In Ben’s case, echolalia is not a random tic. Over time, I’ve observed his echolalia having many different functions. In fact, Ben’s echolalia is a kind of Swiss army knife of communicative intent. Here are just a few of the subtypes of echolalia I’ve invented via observation.

Contextual Echolalia

Ben uses other people’s words to communicate when he doesn’t have words of his own. He quotes a story in the appropriate context to communicate something. So appropriate, in fact, that if you don’t know the story, you’d never realize that he has an expressive language delay.

For example, when he has to use the potty these days, he says breathlessly, “I REALLY have to go the bathroom!” It sounds totally appropriate, and is. But what you probably wouldn’t realize if you are anyone other than me or Chris is that he is quoting a Caillou episode. And that up until a few weeks ago he said the line verbatim, which is, “Sarah – I REALLY have to go to the bathroom.”

Now he’s dropped the “Sarah” as if taking training wheels off a bike.

Musical Echolalia

Sometimes, Ben’s delayed echolalia seems like the equivalent of humming a tune. Right now, for example, he’s walking around saying this over and over: “A hot and sunny summer’s day: Click on the clothes you want Elmo to wear for this weather!” This is an audio clip from an online computer game. He’s smiling like crazy and it appears that he just really likes the sound of it.

Humming or singing in the car or the shower is something done for one’s own amusement and pleasure. It makes me wonder: if Ben sang all of his books and stories rather than recited them, would the behavior be viewed as indicative of a disorder? I know people who are constantly singing one song or another at random and it can be charming to mildly annoying, but they don’t get a DSM IV classification for it.

Reverse Echolalia

About nine months ago, Ben was doing this a lot: He would recite a story and after each line he would look at us and prompt us to repeat the line. If we either didn’t repeat it, repeated it incorrectly, or tried to redirect him, he would continue to say it over and over prompting us more urgently, almost obsessively, to repeat after him.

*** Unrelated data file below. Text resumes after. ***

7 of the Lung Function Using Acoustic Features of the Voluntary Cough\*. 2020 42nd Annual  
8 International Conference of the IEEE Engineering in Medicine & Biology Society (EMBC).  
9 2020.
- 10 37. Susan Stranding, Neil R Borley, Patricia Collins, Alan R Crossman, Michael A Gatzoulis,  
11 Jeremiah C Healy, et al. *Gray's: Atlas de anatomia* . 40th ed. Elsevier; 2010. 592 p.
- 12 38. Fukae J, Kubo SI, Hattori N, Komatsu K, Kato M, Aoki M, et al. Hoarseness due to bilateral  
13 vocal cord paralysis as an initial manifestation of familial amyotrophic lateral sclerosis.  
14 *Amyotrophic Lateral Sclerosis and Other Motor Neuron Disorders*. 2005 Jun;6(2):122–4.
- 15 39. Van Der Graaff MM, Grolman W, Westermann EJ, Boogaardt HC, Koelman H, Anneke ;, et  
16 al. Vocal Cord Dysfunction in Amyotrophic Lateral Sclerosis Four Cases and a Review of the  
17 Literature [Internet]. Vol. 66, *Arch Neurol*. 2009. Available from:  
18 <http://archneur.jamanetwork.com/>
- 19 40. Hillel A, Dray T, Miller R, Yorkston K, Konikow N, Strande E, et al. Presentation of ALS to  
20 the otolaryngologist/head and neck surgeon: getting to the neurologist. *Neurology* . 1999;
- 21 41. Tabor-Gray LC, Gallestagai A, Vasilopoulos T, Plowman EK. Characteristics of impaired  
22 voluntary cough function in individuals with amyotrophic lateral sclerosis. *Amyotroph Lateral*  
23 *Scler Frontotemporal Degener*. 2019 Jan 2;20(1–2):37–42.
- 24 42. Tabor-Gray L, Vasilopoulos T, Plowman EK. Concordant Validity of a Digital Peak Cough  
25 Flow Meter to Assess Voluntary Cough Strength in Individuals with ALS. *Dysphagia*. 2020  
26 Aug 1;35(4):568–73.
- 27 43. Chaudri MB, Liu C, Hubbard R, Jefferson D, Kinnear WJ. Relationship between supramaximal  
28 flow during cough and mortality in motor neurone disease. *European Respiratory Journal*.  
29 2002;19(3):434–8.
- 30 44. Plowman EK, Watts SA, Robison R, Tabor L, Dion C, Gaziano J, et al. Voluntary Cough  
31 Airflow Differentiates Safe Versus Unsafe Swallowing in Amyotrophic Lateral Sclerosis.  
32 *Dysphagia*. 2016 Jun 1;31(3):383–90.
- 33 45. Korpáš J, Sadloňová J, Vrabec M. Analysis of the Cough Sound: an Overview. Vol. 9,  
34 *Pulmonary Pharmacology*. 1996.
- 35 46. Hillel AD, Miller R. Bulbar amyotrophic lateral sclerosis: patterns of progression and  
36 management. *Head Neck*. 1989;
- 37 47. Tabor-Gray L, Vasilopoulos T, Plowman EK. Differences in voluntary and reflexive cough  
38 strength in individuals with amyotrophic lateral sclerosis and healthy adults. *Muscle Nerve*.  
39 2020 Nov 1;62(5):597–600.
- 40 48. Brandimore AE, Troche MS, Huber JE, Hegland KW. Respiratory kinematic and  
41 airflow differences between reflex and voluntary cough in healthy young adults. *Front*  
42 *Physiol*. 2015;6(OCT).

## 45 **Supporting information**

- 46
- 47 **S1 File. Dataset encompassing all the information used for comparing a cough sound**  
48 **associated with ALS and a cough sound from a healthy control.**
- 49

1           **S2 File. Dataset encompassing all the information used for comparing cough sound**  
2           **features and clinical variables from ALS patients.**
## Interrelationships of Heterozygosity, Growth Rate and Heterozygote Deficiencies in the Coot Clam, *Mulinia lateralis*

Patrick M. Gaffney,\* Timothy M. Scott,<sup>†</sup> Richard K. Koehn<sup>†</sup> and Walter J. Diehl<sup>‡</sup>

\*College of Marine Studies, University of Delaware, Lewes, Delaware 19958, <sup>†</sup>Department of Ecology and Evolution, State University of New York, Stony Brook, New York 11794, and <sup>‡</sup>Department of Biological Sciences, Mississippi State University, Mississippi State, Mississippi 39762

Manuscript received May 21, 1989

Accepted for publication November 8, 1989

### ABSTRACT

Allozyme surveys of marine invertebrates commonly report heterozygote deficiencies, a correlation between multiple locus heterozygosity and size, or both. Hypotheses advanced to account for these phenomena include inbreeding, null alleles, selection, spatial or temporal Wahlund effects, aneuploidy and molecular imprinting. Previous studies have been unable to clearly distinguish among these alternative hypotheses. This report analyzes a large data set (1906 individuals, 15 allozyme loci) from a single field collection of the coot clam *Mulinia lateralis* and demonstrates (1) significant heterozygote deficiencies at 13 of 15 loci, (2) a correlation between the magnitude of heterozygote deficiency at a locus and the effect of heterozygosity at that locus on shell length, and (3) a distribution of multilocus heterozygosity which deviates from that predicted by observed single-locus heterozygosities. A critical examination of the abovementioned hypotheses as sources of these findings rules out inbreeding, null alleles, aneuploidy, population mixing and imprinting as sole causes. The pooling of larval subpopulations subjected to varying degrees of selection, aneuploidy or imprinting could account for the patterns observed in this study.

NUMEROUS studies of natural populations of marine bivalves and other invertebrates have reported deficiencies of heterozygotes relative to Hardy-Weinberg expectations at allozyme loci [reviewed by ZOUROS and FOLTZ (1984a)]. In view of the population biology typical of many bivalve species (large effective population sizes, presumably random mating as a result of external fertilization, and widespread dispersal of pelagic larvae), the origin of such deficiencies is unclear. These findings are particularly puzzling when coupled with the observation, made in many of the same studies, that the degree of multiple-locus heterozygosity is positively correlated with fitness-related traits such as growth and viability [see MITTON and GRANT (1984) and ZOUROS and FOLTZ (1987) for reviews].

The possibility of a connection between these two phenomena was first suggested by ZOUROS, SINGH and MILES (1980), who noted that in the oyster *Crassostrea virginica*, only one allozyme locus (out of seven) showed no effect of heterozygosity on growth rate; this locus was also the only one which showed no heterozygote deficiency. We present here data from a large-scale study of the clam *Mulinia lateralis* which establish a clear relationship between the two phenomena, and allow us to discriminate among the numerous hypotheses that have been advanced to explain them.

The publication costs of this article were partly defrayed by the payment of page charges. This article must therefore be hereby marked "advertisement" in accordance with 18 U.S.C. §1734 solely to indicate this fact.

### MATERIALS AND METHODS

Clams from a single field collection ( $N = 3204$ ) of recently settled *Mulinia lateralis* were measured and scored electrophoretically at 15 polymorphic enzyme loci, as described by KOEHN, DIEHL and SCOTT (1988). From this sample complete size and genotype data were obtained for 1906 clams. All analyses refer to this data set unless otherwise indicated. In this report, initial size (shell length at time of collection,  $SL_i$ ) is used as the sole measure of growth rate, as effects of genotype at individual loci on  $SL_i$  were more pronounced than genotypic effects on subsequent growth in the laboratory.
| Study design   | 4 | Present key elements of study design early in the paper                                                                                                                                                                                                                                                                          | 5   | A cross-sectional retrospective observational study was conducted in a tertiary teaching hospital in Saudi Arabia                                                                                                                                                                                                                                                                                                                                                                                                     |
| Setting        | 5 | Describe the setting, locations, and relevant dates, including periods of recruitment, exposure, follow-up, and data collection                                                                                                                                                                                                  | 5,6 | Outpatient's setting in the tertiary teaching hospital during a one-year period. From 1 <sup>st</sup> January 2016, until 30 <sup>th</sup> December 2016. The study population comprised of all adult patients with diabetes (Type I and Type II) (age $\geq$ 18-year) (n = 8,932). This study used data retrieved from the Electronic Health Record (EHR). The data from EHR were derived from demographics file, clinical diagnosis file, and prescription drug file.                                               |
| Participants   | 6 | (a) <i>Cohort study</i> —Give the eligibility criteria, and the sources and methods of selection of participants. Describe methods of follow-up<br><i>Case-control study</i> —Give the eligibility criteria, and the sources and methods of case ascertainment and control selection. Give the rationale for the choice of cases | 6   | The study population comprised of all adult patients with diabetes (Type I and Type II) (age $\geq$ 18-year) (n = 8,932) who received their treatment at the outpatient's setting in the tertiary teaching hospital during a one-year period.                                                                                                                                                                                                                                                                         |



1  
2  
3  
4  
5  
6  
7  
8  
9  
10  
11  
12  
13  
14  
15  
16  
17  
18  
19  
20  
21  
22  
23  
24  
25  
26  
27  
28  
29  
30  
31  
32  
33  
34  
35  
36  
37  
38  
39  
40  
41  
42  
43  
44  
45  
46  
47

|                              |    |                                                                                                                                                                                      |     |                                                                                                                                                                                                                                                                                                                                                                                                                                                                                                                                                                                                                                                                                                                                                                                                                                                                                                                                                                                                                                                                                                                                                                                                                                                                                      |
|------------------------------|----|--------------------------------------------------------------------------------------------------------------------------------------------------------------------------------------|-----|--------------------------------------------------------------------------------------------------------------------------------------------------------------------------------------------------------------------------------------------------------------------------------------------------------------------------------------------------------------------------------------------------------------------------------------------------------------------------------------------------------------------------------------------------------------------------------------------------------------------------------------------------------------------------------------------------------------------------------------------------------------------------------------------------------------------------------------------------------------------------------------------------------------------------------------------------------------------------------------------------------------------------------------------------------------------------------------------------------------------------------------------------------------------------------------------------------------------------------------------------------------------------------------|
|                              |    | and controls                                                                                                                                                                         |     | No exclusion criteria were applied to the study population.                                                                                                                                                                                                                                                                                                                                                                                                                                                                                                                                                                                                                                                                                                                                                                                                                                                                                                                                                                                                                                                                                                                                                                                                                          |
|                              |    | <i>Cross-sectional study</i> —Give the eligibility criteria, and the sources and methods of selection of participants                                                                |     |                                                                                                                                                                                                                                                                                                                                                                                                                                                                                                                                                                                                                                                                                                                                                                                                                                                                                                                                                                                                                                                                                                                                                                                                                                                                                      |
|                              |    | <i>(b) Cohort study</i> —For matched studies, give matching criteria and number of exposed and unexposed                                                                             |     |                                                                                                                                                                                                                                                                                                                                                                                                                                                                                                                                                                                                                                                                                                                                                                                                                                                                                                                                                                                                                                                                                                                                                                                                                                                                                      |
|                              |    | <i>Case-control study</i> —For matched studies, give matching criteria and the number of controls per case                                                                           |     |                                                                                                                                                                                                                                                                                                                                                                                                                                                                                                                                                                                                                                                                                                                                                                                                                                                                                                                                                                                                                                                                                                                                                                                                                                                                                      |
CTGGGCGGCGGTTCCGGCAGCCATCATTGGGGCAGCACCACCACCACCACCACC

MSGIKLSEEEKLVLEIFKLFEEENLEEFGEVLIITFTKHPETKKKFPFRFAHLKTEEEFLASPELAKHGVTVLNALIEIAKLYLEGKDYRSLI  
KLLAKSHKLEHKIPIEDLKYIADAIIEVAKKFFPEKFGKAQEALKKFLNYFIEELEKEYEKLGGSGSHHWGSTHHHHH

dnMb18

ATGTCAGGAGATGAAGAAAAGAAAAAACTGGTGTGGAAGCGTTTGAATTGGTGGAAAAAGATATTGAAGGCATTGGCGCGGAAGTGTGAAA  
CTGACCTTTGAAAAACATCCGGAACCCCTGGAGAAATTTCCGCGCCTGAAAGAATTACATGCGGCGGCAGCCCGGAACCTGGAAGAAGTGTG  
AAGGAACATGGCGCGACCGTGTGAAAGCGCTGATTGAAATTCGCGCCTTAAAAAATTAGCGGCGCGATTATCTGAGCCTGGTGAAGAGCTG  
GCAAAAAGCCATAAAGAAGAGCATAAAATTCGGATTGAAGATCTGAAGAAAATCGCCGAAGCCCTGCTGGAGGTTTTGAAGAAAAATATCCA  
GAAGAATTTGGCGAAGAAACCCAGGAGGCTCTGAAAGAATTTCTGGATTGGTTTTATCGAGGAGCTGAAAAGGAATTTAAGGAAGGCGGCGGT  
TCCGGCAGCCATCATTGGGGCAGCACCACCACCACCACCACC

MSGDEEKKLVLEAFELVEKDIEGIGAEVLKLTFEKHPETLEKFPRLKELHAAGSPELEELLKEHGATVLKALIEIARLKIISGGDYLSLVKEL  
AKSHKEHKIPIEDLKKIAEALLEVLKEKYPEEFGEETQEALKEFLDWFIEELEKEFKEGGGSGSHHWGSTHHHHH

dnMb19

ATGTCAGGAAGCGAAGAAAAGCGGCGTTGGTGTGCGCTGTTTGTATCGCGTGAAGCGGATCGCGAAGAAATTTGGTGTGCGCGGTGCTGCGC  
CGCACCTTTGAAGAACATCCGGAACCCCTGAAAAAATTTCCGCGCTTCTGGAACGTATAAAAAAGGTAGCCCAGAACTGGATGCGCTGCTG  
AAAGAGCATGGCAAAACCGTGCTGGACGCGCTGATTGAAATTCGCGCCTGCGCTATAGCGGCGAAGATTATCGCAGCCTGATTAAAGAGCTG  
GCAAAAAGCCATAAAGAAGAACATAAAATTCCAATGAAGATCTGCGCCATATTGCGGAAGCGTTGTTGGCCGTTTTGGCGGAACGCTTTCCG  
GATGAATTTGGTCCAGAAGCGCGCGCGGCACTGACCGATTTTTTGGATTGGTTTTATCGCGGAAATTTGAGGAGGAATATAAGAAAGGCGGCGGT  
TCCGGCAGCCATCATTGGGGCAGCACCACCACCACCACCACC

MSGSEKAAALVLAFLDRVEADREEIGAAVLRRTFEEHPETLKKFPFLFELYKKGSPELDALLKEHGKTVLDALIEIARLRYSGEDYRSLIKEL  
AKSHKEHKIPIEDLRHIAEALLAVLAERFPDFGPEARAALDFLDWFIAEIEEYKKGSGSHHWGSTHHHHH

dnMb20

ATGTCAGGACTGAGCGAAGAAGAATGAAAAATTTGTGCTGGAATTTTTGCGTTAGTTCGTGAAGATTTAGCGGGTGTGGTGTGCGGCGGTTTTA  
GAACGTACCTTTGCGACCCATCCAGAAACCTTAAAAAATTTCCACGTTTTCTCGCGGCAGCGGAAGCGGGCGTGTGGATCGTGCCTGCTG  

I remember walking around a petting zoo last spring, with him tugging at my pants and insisting that I repeat each line from Dr. Seuss’ ABCs. My attempts at redirecting were met with an almost panicked insistence.

Chris captured a video of this reverse echolalia at the time. Here, Ben is getting me to recite part of Time of Wonder for him. He’s not doing this because he doesn’t know the story and wants to hear me tell it. He clearly knows it better than I do and is correcting me, for example, when I say began instead of begins.

I’m not sure why he used to do this. Was he simply enjoying exerting control? Was he compensating for his poor diction at the time by asking to hear the line as he knew it should sound rather than his own approximate pronunciation? Was he using me as a CD player or an instrument to “play” the sounds he wanted to hear?

This obsessive reverse echolalia continued for some months until he learned how to act out a story. Now rather than just enlisting us to say the lines, he casts us in re-enactments of stories, which, while it appears a more developmentally-appropriate behavior, is no less obsessive or controlling.

Echolalia On-Demand

I admit that as a mom, I’ve used immediate echolalia to my advantage in situations where I want Ben to appear polite. I’ve surreptitiously whispered in his ear at the library check-out counter “Say ‘Thank you for the library books.’” He obliges, and the librarian inevitably says, “My, what a lovely young man!”

I smile smugly, racking up “good mom” points in public – even if it clearly involves cheating.

Echolalia as Laugh Line

Lately, his delayed echolalia seems like a way to engage us and sometimes even make us laugh. He’ll look at us with a mischievous expression and recite some line with a big knowing smile on his face. Then he waits for a reaction in a Buddy Hackett sort of way. It reminds me of how Chris’ high school friends would quote movie lines without explanation or context, knowing that none was needed; that just saying the line would elicit a laugh.

Last night, when I brought him some bread and butter at dinner he said in a British accent, “I do like little bit of buttah for my bread,” a line from the poem, The King’s Breakfast by A. A. Milne.

He was grinning like mad, waiting for me to laugh. I do so hope he never outgrows this.

Run-on sentence

Uttered this morning as I instructed Ben to hand over his chomper (pacifier) which is only for sleeping, before he played with his trains:

I want to play with trains and have my chomper in my mouth at the same time like in the Pinocchio book when Pinocchio has a candy cane and a lollipop in his mouth at the same time.

Given that Ben often struggles to put just a few words together into a coherent sentence, I was pretty impressed, and let him have his chomper for one extra minute.

Tuesday, December 4, 2007


The thermometer read 104.4 degrees earlier today. Ben lay in bed: lethargic, in and out of restless sleep.